That cynical, boisterous voice is gone from the White House bully pulpit. That alone makes me feel better.

His Twitter account has been silenced. That’s even better. That’s a real punishment, where we are protected from harm. Not quite a penitentiary, but a fitting alternative sentence, particularly in his mind.

If he tours again on hyperbolic rhetoric or creates his own “alternate facts” media network, he’s sectioned off. We can ignore him. If his followers want to adore him they can have that space in obscurity.

Our new president is sane. Joe Biden is thoughtful. He reads, listens, and takes advice from subject matter experts. He reconsiders his positions. He is immersed in dialogue, not monologue.

He’s reversing the damage. Climate change. Environmental justice. Immigration and border normalization. Broader access to healthcare. Global wellness as a shared concern.

Economic compassion. Sustainable job creation. Sensible credit and finance policies. Respect for our allies. Clear, coherent, calm lines with our adversaries.

Cabinet secretaries are taking shape with gravitas, conviction, relevant experience, and an emphasis on character. They will likely serve without unnecessary drama and ridiculous turnover.

Mostly the voice of government is quieter. The tone is softer. It is moving into the background so we can focus again on our lives, our businesses, our daily routines, short-term and long-term planning.

Science is science again. Facts are facts again. Fake news is fake news again.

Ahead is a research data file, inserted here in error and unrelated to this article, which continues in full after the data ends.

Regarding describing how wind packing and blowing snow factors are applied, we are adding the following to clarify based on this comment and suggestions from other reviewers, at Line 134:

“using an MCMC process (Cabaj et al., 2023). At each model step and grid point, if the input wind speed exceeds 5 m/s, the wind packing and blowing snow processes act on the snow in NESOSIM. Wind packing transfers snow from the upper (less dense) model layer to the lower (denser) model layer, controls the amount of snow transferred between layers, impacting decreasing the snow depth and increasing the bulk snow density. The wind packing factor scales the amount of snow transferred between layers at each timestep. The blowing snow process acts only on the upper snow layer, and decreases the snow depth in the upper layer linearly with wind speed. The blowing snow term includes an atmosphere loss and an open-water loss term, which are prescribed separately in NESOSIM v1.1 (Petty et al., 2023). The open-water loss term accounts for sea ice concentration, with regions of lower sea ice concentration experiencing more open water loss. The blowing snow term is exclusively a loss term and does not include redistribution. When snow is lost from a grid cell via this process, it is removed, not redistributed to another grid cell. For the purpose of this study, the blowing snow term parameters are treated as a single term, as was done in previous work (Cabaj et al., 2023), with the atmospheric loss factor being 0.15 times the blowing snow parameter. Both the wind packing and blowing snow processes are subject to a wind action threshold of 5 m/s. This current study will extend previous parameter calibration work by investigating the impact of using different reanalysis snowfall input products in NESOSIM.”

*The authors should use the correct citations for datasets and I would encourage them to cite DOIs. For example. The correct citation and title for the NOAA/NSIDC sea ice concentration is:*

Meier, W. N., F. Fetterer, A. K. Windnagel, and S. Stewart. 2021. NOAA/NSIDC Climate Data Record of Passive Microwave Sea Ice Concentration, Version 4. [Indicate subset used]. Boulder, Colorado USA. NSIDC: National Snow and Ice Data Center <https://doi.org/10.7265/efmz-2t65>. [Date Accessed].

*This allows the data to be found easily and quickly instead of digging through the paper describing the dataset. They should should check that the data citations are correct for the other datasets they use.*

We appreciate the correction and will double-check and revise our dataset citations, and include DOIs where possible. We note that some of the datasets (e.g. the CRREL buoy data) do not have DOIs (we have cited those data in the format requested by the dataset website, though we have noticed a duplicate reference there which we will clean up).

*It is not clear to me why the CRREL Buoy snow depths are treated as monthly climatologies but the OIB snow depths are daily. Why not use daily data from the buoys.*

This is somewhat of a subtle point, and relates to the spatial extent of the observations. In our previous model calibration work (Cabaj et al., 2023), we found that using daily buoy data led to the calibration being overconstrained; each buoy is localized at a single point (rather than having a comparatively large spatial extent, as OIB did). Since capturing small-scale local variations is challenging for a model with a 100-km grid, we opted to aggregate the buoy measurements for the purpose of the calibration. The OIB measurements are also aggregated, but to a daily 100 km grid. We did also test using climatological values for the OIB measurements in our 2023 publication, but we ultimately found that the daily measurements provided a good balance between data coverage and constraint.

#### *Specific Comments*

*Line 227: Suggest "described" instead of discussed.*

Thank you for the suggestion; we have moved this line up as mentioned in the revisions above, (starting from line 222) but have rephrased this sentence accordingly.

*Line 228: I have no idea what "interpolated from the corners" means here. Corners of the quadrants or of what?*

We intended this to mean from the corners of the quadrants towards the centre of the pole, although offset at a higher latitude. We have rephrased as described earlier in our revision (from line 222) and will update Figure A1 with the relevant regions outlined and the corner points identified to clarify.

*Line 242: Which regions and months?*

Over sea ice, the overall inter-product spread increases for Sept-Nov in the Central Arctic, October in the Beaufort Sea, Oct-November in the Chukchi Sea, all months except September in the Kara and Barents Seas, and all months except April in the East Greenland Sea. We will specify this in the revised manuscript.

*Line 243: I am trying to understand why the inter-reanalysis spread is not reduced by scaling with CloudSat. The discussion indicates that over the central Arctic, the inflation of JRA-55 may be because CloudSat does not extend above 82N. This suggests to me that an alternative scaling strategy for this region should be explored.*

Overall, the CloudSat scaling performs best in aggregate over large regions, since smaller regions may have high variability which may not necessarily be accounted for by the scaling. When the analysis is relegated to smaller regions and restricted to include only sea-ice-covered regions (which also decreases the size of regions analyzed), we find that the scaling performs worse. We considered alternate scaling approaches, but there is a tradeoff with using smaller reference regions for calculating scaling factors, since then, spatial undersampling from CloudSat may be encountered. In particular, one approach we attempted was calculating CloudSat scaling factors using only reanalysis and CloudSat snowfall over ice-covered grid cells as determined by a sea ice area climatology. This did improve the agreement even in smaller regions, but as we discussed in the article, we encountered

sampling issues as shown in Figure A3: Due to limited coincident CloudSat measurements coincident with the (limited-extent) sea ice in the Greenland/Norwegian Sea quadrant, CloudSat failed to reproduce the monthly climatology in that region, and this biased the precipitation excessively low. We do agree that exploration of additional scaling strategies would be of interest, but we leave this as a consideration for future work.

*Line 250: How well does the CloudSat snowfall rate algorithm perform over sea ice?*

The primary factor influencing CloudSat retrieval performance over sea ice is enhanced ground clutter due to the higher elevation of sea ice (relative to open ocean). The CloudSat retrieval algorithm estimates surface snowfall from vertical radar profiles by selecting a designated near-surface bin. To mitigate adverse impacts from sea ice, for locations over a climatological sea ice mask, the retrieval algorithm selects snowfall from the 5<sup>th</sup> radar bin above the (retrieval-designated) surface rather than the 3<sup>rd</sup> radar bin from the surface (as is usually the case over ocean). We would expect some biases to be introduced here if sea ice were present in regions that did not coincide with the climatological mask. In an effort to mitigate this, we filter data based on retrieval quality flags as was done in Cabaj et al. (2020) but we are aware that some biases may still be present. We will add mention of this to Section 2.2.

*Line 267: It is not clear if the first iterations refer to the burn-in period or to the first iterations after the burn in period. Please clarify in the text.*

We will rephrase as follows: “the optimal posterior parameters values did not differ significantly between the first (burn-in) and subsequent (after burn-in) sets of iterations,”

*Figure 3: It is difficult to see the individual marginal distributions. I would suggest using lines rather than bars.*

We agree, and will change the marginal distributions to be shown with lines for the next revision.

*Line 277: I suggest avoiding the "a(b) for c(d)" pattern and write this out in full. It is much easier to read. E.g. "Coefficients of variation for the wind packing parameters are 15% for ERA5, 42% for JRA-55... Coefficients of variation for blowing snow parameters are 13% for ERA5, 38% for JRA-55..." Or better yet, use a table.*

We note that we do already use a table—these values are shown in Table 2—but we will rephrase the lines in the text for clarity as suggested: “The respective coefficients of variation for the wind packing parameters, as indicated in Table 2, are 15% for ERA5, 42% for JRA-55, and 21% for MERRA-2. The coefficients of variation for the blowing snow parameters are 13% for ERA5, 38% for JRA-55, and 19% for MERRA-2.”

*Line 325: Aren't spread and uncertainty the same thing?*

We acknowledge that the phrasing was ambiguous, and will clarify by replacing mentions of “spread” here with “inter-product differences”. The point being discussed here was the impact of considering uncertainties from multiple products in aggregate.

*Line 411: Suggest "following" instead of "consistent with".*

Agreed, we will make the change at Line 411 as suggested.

Journalism is not the enemy of the people. Hard questions are the safeguard of our democracy.

The notion of any potential sympathy for white supremacy or xenophobia has been erased from the office of the president. To the extent there was any ambiguity around tolerance for racist acting out, it is clear that it will be prosecuted.

Those who participated in the violent January 6 insurrection are being indicted, tried, and convicted. Aside from their cheerleader-in-chief, they will be sentenced and go to prison.

Unity is an inspiring ideal on the table. It is noble to challenge the nation to come together and address our problems. It is a lofty ambition. If the choice has to be between unity and sanity, I’ll take sanity.

Covid-19 vaccines are moving into the mainstream. By midyear, we should have one if we want it. This human suffering and loss of life will end.

Optimism. Pragmatism. Confidence.

Empathy. Humility. Decency.

Trust in words. Belief in promises. Not perfect, but directionally agreed as aspirational.

Blood pressure is down, at least mine. Cortisol levels are decreasing.

Most of all, we are rediscovering honesty. The blatant, unending lies have got to go.

We still have an insurmountable way to go on income inequality, civil rights, Black Lives Matter, hunger, homelessness, all of the endless maladies that divide us. If we can admit that with candor, we can commit to priorities of positive consequence.

We are regaining freedom. We are regaining quality of life. We may be inching forward, but we are off our knees.

The republic has survived. It was a close call. If I ever did, I will never again take democracy for granted.

We are slowly, deliberately healing. That’s what needs to happen. That is progress. That’s what it means to get better.

We are getting better. I absolutely believe we will get even better

Getting so much better all the time.

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Photo: Beatles Complete (1976)